The younger son wanted to leave home and go to another land. He needed cash to move out, and so asked for the goods that fell to him. These normally would have been bestowed upon him at the time of his father’s death. But his father obliged and gave him his inheritance early. We read in verse 13 that the younger son soon “wasted his possessions with prodigal living”—a wild lifestyle.
The younger son’s attitude toward both his inheritance and his father showed a lack of maturity and wisdom, but he learned a huge lesson through the experiences that followed and finally returned home humble and repentant (verses 14-19). The father was so overjoyed when he saw his son return that he kissed him and made a sumptuous feast for him (verses 20-24).
The older son
The older son, however, was not pleased. Though all the remaining wealth of his father would be his (verse 31), he was angry that his father showed mercy to his brother, but had never given him what his brother received. In verse 29 he says, “Lo, these many years I have been serving you; I never transgressed your commandment at any time; and yet you never gave me a young goat, that I might make merry with my friends.”
The older son did not understand his compassionate father, just as the scribes and Pharisees—who maintained a righteous facade—did not understand Jesus and the Father, who had compassion for “sinners and tax collectors.”
And the elder brother showed no compassion for his younger sibling. Even before meeting him, the older son accused his younger brother of having “devoured your [his father’s] livelihood with harlots” (verse 30).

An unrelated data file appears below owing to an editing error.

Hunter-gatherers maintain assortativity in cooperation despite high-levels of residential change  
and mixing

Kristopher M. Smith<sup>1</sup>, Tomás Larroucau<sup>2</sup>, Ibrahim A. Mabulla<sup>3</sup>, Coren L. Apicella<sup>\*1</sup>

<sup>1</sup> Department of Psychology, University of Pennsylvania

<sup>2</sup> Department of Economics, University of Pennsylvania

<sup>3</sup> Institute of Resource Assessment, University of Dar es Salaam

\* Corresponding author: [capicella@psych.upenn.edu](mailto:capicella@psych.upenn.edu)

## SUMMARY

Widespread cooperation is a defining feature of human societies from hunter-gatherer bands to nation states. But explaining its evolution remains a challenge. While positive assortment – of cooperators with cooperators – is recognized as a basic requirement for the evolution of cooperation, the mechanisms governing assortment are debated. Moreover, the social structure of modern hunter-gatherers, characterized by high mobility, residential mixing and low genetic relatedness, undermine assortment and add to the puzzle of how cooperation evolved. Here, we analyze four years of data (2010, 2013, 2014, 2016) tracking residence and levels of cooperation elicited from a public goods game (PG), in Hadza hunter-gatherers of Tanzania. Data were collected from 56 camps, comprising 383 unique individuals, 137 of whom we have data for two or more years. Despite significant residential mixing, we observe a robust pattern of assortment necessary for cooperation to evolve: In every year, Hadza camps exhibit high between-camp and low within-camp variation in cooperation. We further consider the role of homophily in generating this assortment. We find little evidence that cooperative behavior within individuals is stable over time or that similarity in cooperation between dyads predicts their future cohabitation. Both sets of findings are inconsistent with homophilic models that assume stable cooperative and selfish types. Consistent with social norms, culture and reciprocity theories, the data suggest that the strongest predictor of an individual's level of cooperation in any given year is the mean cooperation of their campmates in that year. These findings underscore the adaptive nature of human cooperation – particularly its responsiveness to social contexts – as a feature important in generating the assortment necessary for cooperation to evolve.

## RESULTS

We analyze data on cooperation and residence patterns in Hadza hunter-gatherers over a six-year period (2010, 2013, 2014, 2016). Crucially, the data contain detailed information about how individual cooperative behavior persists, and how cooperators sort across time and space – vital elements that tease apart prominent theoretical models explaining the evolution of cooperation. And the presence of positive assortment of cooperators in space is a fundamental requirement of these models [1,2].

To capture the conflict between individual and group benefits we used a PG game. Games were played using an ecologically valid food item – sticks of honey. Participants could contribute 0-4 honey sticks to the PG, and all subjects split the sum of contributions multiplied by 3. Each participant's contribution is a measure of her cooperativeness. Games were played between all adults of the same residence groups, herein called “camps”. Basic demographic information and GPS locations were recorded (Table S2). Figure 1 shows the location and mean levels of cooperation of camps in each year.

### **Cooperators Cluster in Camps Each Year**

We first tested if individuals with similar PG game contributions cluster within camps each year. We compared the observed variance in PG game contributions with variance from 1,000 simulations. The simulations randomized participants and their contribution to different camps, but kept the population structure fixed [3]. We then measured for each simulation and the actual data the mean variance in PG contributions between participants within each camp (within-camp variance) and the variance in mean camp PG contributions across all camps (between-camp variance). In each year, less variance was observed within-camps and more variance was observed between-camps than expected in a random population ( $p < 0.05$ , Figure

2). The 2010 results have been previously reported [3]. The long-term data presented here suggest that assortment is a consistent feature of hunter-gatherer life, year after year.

The father reminded the oldest son that he still had his inheritance. And the father made it clear that though the younger brother had squandered his portion of the family’s resources, he was to be accepted back as a member of the family (verse 32).
Like the older brother, the Pharisees and scribes acted as if they had never disobeyed the law and were God’s agents to rule over Judah. Yet Christ pointed out many times how their interpretation of the law and additions to it actually caused people to break God’s law (see Mark 7:9-13, for example). They also wanted to act as spiritual policemen by building a body of dos and don’ts to keep others from sinning.
At the end of the parable, we are not told the result of the father’s discussion with the older brother. But those sitting around Jesus, and hopefully some of the scribes and Pharisees, may have perceived how His remarks applied to them.
God can show mercy and forgiveness to people from any background if they are repentant, as the lost son certainly was.
Lessons for us
Here are three points to learn from this parable—and specifically from the failings of the older brother—to help us become more like Jesus Christ:
- Prevention is better than cure.
James 5:19-20 encourages us to watch out for each other when one of us begins to go astray. “Brethren, if anyone among you wanders from the truth, and someone turns him back, let him know that he who turns a sinner from the error of his way will save a soul from death and cover a multitude of sins.”
The parable does not indicate that the older brother tried to dissuade his brother from wasting much of his life and his inheritance. But we should try—without being domineering or self-righteous—to help others avoid pitfalls that could lead them to lose their inheritance. Gentle correction can be effective when a trusting and considerate relationship is already present.
- Christians who threw in the towel may yet return to the fold.
Galatians 6:1-2 shows how we, as Christians, should be concerned about our spiritual brothers and sisters: “Brethren, if a man is overtaken in any trespass, you who are spiritual restore such a one in a spirit of gentleness, considering yourself lest you also be tempted. Bear one another’s burdens, and so fulfill the law of Christ.”